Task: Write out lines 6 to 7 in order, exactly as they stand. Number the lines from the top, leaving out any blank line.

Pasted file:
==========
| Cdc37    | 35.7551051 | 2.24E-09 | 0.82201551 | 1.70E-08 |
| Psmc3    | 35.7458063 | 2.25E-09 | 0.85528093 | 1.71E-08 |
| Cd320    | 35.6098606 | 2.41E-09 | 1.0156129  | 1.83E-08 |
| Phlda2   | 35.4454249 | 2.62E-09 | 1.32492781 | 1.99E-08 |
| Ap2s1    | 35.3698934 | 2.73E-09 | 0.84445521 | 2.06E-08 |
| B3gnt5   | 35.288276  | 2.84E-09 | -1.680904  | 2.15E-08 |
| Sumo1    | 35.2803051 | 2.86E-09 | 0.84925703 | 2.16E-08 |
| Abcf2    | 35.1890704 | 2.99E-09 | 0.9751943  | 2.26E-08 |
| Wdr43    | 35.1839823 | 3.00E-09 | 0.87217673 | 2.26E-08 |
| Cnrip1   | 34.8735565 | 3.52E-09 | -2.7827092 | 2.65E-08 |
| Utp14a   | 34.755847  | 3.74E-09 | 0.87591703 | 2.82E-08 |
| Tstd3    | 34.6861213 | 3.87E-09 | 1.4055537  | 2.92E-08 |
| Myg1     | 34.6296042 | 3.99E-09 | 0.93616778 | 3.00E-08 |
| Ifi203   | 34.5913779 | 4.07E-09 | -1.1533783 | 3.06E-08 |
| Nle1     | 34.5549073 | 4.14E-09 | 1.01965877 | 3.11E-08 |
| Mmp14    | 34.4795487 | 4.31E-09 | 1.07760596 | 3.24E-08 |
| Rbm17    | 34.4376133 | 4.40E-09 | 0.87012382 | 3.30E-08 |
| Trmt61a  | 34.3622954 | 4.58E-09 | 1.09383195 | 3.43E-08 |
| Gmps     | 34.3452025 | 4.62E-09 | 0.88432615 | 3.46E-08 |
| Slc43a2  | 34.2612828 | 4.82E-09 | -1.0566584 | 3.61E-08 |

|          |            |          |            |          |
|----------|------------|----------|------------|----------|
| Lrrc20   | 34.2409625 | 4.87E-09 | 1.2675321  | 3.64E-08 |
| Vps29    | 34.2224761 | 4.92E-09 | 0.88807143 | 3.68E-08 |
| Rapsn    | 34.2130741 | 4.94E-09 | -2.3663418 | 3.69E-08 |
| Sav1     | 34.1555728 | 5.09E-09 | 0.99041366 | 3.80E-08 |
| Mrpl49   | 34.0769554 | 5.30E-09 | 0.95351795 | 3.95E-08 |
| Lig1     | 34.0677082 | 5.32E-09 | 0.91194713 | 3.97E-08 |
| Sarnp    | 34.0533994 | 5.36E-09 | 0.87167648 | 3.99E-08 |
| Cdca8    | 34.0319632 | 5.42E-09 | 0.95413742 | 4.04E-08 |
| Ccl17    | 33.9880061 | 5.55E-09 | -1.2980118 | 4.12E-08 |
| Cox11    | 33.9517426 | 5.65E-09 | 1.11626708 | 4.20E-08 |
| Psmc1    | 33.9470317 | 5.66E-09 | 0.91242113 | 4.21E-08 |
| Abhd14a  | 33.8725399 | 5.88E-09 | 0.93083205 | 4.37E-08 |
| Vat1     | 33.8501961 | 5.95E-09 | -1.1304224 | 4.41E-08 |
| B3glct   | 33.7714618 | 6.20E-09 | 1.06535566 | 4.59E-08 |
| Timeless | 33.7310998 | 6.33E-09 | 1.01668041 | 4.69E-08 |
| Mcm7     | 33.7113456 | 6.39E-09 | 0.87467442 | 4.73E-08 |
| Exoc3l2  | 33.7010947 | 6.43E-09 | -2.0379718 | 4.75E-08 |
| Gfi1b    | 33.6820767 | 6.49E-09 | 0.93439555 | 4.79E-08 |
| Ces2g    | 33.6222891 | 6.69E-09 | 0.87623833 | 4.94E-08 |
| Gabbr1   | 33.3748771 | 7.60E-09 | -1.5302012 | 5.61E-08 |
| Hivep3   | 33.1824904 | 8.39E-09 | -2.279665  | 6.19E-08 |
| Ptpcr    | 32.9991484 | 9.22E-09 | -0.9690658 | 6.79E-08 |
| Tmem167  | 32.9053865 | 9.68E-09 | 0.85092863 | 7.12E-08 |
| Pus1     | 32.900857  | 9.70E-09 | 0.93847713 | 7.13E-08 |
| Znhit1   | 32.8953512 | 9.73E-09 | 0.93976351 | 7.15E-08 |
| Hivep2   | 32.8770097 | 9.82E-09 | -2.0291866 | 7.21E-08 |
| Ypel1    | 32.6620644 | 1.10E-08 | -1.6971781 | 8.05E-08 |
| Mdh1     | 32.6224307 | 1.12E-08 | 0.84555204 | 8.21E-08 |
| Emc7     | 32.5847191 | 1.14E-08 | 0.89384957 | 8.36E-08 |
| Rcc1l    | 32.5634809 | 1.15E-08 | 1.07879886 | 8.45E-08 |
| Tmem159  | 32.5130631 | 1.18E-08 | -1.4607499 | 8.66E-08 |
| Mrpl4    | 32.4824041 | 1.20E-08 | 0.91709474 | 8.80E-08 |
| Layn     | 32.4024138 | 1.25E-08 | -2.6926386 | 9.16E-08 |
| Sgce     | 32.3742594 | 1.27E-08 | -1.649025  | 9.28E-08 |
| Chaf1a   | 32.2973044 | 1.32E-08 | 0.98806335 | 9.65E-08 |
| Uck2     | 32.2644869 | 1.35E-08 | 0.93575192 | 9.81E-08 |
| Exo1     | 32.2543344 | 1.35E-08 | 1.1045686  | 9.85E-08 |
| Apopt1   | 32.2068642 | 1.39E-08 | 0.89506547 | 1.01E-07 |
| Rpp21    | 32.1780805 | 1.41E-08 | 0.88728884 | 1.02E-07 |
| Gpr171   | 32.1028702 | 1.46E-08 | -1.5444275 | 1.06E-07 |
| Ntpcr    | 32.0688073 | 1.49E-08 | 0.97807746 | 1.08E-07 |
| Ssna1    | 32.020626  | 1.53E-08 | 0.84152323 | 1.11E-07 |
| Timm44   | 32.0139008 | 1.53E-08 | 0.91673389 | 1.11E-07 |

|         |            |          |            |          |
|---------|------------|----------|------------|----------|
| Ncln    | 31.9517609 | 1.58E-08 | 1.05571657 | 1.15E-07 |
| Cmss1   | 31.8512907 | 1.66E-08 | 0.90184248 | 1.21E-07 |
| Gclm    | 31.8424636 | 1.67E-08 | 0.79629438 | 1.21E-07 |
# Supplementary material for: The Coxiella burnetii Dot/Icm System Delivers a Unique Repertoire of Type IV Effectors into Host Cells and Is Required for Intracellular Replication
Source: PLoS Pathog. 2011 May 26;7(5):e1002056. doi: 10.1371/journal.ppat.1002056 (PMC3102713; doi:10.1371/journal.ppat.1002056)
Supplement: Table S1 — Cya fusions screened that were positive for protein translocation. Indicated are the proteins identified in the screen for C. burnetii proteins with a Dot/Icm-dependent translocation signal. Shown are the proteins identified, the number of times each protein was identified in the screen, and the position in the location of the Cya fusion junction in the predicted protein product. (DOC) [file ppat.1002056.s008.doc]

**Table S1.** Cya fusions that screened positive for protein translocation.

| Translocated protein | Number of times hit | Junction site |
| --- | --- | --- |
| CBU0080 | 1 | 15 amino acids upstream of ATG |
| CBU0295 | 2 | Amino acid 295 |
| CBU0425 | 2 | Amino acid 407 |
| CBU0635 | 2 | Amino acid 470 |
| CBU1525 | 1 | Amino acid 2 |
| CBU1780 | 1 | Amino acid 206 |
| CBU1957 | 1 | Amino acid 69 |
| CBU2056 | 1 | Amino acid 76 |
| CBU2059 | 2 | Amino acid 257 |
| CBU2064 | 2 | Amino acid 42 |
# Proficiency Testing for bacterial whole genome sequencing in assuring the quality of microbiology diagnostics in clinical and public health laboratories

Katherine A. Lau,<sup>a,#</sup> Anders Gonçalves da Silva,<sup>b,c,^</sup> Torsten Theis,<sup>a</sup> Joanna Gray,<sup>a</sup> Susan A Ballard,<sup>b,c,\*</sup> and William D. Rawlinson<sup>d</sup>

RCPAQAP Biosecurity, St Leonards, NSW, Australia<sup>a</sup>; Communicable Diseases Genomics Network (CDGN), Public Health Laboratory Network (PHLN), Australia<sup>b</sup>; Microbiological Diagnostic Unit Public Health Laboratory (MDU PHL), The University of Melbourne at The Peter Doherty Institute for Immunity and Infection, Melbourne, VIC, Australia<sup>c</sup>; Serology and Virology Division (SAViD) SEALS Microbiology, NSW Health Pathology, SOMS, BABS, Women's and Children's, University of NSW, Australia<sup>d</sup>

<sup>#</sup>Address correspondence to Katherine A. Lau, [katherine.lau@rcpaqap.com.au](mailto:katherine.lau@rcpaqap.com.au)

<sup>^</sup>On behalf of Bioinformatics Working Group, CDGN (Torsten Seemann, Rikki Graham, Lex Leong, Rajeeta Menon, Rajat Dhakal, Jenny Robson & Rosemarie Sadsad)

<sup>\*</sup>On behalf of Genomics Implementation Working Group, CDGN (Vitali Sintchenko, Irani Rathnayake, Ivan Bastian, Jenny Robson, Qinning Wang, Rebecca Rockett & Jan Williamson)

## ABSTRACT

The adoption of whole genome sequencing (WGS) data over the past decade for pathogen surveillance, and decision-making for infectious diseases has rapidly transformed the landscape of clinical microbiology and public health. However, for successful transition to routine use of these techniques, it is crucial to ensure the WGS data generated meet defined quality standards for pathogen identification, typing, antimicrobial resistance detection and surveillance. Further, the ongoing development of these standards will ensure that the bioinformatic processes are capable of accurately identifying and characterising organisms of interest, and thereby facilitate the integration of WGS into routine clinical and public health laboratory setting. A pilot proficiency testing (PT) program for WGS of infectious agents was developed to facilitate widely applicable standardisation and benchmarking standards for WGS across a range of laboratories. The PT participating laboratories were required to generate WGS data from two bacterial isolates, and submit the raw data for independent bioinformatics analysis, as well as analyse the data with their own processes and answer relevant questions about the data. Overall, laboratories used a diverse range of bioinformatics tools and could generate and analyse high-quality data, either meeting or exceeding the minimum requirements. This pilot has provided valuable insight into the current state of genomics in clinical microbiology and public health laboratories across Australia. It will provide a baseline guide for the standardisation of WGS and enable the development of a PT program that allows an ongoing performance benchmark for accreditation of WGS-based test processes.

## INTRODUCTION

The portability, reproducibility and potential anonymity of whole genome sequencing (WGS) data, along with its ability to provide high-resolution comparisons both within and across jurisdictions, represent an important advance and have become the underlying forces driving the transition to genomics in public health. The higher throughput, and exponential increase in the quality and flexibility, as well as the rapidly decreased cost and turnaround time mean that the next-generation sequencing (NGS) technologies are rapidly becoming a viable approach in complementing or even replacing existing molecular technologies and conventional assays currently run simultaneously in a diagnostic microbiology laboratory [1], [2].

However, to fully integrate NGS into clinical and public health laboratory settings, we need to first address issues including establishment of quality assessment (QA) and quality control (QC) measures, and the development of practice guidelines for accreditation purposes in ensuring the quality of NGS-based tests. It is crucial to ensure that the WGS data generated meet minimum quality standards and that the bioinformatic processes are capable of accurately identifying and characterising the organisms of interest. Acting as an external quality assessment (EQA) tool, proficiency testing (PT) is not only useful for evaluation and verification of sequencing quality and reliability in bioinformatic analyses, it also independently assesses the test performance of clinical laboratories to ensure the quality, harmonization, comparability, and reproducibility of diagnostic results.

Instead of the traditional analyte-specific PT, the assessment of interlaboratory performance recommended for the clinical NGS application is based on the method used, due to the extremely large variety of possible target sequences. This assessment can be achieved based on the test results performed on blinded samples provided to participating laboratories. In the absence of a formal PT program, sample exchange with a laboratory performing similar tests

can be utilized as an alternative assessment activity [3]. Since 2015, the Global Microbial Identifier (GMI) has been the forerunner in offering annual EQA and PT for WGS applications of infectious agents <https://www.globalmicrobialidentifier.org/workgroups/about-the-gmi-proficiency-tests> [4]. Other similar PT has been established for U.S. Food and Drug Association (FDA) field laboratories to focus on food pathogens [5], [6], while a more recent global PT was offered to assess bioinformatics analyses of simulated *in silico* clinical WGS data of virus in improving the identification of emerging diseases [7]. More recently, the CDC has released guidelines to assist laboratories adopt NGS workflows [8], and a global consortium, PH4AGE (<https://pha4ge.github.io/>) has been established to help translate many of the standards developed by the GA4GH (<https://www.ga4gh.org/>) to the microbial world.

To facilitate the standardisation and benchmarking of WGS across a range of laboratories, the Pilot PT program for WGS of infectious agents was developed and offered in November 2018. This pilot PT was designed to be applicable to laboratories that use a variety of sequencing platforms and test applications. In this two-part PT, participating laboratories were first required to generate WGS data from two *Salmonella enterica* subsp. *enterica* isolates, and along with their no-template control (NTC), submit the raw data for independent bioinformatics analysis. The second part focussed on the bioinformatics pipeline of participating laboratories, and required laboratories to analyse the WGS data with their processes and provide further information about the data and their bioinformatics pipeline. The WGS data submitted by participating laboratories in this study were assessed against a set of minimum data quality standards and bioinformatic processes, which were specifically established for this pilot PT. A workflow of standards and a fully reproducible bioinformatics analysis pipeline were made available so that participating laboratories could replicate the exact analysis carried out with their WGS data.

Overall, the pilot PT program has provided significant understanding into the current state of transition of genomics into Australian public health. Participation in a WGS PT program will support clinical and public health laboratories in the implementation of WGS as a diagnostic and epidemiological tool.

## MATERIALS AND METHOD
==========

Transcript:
| B3gnt5   | 35.288276  | 2.84E-09 | -1.680904  | 2.15E-08 |
| Sumo1    | 35.2803051 | 2.86E-09 | 0.84925703 | 2.16E-08 |